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to them. A considerable number of the Spai niards made choice of him as their leader; and

taking arms against the Adelantado and his brother, seized the king's magazine of provisions, , and endeavoured to surprise the fort a St. Do· mingo. This was preserved by the vigilance

and courage of Don Diego Columbus. The mutineers were obliged to retire to the province of Xaragua, where they continued not only to disclaim the Adelantado's authority themselves, but excited the Indians to throw off the yoke w).

Such was the distracted state of the colony when Columbus landed at St, Domingo. He was astonished to find that the three ships which he had dispatched from the Canaries were not yet arrived. By the unskilfulness of the pilots, and the violence of currents, they had been carried a hundred and fixty miles to the west of St. Domingo, and forced to take shelter in a harbour of the province of Xaragua, where Roldan and his feditious followers were cantoned. Roldan carefully concealed from the commanders of the ships his insurrection against the Adelantado, and employing his utmost address to gain their confidence, persuaded them to set on shore a considerable part of the new settlers whom they brought over, that they might proceed by land to St. Domingo. It required but few arguments to prevail with those

w) Herrera, dec. 1. lib. iii. c.5-8. Life of Columbus, c. 74 - 77.

Gomara, 6. 23. P. Martyr, p. 78.

men to espouse his cause. They were, the refuse of the jails of Spain, to whom idleness, licentiousness, and deeds of violence, were familiar; and they returned eagerly to a course of life nearly resembling that to which they had been accustomed. The commanders of the ships perceiving, when it was too late, their impradence in disembarking so many of their men, ftood away for St. Domingo, and got safe into the port a few days after the Admiral; but their stock of provisions was fo wasted during a voy, age of such long continuance, that they brought little relief to the colony x).

Composed by the prudent conduct of Columbus.

By this junction with a band of such bold and desperate associates, Roldan became extremely formidable, and no less extravagant in his demands. Columbus, though filled with resentment at his ingratitude, and highly exasperated by the infolence of his followers, made no hafte to take the field. He trembled at the thoughts of kindling the flames of a civil war, in which, whatever party prevailed, the power and strength of both must be so much wasted, as might encourage the common enemy to unite and complete their destruction. At the same time, he observed, that the prejudices and passions which incited the rebels to take arms, had so far infected those who still adhered to him, that ma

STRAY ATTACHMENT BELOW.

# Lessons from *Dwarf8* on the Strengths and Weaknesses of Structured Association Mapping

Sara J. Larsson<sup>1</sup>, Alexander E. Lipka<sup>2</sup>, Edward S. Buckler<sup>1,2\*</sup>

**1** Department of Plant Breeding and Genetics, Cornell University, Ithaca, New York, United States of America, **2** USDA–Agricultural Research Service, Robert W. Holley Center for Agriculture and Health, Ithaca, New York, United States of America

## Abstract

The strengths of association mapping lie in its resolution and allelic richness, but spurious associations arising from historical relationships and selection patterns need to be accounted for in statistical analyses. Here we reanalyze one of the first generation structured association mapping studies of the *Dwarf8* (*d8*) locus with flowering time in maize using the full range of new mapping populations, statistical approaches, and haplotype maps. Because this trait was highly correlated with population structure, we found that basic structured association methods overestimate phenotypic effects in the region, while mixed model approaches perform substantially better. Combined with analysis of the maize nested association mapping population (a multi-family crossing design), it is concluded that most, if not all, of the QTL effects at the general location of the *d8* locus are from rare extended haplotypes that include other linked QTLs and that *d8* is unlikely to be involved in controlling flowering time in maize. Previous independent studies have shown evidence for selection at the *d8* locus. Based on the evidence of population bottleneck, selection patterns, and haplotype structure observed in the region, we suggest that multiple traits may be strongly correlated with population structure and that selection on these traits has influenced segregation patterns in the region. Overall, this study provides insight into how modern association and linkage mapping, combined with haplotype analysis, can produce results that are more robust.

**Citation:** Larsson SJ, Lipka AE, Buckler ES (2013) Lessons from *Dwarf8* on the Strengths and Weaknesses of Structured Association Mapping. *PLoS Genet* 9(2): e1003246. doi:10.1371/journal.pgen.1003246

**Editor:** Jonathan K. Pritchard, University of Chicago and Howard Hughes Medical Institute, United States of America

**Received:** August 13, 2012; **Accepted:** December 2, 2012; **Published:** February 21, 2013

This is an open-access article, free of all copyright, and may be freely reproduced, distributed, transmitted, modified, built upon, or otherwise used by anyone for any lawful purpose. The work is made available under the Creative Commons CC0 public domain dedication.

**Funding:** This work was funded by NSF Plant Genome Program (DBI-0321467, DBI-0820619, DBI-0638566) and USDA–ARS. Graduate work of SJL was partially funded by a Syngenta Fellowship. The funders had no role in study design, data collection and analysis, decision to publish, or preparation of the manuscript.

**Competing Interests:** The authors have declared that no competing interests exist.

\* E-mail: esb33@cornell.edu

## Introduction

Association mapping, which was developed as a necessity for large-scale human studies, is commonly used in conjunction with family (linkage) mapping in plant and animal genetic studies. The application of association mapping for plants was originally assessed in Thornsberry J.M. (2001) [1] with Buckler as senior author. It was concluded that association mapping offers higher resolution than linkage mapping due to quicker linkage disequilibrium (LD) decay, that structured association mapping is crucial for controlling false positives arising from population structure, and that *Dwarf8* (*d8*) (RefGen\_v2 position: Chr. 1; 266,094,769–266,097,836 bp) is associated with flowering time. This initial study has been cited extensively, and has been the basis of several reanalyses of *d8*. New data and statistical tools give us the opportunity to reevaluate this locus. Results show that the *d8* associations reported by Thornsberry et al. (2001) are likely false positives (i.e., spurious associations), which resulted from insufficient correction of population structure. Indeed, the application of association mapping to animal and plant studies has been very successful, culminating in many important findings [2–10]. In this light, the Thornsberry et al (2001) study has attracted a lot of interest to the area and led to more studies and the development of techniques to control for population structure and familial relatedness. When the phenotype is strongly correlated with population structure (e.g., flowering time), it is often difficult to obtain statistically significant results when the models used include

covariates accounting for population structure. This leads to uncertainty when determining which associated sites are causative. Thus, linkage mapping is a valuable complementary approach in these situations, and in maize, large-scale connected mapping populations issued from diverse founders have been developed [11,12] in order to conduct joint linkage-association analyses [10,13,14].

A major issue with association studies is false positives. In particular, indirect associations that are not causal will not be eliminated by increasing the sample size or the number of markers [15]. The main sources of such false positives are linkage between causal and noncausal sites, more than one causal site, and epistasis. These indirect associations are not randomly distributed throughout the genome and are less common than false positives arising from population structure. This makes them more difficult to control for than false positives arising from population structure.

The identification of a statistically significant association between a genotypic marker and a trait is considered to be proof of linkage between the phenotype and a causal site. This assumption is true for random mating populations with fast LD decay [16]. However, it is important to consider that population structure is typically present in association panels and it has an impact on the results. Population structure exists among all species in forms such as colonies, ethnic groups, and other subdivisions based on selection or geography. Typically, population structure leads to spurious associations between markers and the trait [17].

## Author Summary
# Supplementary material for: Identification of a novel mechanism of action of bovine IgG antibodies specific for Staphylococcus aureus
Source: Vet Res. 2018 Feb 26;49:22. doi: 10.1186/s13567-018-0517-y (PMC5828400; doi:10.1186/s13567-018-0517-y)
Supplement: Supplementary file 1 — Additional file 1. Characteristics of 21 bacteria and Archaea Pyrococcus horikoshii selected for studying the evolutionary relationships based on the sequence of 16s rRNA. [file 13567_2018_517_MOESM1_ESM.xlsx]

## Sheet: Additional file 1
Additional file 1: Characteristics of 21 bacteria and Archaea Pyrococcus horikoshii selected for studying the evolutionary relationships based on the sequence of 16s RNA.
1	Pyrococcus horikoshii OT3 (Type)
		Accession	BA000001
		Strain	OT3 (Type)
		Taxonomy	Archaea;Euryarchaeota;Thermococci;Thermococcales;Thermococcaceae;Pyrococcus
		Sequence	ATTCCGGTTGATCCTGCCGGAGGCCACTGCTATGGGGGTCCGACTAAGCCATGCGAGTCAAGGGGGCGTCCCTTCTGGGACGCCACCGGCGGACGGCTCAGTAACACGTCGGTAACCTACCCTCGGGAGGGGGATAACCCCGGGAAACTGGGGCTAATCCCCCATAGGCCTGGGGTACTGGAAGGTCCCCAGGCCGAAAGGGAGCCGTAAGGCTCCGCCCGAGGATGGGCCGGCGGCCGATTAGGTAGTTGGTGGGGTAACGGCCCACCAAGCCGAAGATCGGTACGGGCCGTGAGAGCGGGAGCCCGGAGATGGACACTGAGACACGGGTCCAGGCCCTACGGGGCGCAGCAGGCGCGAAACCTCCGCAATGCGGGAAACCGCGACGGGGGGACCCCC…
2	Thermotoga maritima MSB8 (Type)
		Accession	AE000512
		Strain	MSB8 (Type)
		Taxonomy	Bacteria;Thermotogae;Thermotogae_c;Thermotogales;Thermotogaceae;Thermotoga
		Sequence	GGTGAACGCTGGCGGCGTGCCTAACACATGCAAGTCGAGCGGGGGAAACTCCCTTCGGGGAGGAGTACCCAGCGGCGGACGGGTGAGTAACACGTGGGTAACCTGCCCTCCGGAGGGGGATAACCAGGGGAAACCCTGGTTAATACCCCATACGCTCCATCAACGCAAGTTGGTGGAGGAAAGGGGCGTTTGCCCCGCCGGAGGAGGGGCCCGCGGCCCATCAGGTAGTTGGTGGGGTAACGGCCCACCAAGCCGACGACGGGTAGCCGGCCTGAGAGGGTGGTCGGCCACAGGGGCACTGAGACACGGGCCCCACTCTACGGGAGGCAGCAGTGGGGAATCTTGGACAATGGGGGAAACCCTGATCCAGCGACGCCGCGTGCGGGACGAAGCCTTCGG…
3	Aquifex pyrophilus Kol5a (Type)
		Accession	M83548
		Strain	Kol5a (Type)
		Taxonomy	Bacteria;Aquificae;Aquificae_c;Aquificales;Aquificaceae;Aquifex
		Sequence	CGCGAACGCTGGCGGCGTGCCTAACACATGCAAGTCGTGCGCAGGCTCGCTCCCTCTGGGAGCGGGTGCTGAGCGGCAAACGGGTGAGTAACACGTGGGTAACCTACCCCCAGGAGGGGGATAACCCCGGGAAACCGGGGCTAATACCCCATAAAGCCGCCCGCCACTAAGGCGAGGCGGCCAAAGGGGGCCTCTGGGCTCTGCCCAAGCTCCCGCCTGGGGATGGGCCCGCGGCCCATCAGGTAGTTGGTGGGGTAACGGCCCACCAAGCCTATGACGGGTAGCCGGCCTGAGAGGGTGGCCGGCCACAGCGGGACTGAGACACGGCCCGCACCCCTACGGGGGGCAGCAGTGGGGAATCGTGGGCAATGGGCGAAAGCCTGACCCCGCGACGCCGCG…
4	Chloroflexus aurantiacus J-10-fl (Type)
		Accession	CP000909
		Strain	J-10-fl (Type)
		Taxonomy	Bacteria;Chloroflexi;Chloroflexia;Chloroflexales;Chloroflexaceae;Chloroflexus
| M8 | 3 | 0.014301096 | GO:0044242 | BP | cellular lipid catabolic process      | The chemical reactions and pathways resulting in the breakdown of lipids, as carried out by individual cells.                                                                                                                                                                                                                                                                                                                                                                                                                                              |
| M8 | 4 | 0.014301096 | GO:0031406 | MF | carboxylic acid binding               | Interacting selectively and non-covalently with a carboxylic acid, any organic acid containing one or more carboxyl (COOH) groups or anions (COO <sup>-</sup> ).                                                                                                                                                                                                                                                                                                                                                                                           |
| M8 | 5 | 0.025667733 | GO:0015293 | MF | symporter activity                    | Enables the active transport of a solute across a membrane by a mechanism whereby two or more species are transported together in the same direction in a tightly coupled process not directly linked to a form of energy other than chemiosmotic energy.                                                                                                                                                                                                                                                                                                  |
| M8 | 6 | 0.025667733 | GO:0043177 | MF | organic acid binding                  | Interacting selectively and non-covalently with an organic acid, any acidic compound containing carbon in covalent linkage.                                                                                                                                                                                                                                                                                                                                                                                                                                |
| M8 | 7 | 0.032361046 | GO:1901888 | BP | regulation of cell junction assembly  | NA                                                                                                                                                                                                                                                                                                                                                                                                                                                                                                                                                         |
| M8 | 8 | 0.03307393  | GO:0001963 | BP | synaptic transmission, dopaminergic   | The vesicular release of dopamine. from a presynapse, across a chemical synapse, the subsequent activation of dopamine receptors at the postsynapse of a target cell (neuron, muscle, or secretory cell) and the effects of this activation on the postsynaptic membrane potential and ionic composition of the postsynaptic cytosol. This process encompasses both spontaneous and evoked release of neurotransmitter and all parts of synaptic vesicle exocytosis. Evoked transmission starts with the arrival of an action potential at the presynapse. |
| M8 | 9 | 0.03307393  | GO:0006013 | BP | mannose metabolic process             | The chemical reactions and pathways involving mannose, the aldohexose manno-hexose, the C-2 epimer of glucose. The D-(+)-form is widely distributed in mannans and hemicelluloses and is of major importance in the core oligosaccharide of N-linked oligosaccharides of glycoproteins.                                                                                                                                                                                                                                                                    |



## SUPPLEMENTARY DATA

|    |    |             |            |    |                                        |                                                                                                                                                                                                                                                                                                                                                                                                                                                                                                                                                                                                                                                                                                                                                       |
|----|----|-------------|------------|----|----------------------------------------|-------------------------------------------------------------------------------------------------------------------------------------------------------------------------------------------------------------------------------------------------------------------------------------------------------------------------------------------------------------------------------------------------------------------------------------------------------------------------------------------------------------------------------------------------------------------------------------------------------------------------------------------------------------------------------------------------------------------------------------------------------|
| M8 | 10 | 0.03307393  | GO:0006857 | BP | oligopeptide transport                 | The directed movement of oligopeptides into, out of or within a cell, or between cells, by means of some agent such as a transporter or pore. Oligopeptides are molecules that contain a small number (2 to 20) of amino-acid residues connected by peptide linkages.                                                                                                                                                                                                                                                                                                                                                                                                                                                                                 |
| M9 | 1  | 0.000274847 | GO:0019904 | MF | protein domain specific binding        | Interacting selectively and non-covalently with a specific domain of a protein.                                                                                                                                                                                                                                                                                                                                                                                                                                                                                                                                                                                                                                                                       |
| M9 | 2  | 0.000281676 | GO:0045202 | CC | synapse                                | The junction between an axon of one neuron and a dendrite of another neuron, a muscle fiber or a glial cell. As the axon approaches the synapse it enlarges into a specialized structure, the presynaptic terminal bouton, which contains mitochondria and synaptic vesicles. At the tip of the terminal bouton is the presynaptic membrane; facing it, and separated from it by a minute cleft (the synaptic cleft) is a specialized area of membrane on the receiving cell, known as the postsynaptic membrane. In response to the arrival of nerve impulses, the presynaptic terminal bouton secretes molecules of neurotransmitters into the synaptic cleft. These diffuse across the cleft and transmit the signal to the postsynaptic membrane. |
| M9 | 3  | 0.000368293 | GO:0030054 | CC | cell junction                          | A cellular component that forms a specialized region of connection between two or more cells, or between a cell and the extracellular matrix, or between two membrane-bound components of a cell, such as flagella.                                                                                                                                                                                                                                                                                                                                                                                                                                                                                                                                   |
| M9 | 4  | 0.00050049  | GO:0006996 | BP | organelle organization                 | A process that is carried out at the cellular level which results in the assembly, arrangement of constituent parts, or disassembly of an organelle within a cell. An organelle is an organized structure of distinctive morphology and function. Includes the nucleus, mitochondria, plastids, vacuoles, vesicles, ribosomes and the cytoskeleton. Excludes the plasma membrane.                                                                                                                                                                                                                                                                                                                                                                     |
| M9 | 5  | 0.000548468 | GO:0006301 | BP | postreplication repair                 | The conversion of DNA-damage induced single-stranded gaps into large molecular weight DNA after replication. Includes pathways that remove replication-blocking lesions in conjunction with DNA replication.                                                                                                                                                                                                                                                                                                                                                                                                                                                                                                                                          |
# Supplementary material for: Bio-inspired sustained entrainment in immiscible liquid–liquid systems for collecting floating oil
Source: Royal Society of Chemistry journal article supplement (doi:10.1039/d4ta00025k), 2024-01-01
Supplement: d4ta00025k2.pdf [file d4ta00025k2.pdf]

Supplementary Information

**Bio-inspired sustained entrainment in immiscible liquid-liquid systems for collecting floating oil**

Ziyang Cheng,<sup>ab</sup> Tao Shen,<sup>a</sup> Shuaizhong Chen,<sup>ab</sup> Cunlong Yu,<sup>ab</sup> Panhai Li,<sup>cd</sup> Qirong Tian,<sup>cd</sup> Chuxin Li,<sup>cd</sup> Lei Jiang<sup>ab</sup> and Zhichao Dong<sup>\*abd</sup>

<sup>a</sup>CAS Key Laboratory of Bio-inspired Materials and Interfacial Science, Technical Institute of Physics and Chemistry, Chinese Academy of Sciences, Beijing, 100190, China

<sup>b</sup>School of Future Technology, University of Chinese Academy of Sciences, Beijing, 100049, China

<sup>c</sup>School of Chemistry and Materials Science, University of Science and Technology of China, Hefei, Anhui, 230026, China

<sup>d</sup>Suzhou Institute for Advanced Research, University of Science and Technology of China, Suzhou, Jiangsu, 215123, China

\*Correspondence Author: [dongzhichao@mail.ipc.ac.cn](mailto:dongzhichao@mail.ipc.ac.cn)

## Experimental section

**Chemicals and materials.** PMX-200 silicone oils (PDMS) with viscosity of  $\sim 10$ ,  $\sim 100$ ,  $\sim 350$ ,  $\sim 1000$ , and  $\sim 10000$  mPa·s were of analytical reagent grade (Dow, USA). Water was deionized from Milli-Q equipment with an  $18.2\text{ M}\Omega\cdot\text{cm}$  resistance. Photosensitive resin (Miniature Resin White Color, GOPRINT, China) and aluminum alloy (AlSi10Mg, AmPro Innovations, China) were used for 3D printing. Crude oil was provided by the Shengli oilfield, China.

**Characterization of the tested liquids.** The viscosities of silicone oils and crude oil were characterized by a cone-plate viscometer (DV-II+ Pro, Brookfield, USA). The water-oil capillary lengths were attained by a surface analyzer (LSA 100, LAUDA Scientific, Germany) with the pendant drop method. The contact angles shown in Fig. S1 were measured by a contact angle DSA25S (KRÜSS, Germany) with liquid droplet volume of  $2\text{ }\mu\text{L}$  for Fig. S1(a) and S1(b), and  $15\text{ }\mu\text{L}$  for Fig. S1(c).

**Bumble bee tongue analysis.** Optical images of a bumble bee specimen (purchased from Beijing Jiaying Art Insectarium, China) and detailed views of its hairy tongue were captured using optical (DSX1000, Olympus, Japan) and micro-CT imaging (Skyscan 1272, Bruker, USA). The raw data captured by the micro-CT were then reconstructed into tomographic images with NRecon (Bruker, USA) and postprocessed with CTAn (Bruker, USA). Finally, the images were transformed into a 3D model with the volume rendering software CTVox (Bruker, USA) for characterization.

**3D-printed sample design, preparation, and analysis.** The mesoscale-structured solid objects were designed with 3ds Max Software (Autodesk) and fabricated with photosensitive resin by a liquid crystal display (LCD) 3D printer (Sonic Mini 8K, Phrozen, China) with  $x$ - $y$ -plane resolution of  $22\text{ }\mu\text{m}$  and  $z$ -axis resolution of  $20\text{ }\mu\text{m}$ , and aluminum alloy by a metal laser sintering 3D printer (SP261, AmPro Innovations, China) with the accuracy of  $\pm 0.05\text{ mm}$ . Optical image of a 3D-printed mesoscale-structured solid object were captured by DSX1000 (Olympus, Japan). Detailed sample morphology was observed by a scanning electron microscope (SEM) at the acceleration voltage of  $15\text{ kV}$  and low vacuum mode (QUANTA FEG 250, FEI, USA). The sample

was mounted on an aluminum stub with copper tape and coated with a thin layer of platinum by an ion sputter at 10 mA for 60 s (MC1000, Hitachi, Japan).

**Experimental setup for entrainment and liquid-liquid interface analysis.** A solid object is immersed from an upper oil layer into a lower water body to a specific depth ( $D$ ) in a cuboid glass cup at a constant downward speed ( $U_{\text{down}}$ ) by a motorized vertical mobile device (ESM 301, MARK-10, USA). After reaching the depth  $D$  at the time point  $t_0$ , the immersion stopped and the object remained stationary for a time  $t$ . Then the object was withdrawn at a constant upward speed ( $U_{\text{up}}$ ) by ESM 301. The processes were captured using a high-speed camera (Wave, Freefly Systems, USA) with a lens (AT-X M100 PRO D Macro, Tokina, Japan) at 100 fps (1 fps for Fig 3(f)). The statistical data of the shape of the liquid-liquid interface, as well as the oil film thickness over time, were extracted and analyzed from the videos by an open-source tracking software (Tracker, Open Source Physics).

*) Herrera, decad. i, lib, iii. 6, 12. Life of Columbus, c. 78.79.

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ny of them were adverse, and all cold to the service. From such sentiments, with respect to the public intereft, as well as from this view of his own situation, he chose to negociate rather than to fight. By a seasonable proclamation, offering free pardon to such as should merit it by returning to their duty, he made impression upon some of the malcontents. By engaging to grant such as should defire in the literty of returning to Spain, he allured all those unfortunate adventurers, who, from sickness and disappointment, were disgusted with the country. By promising to reestablish Roldan in his former office, he soothed his pride ; and by complying with most of his demands in behalf of his followers, he satisfied their avarice. Thus, gra. dually and without bloodshed, but after many tedious negociations, he diffolved this dangerous combination which threatened the colony with ruin; and restored the appearance of order, regular governments, and tranquillity y).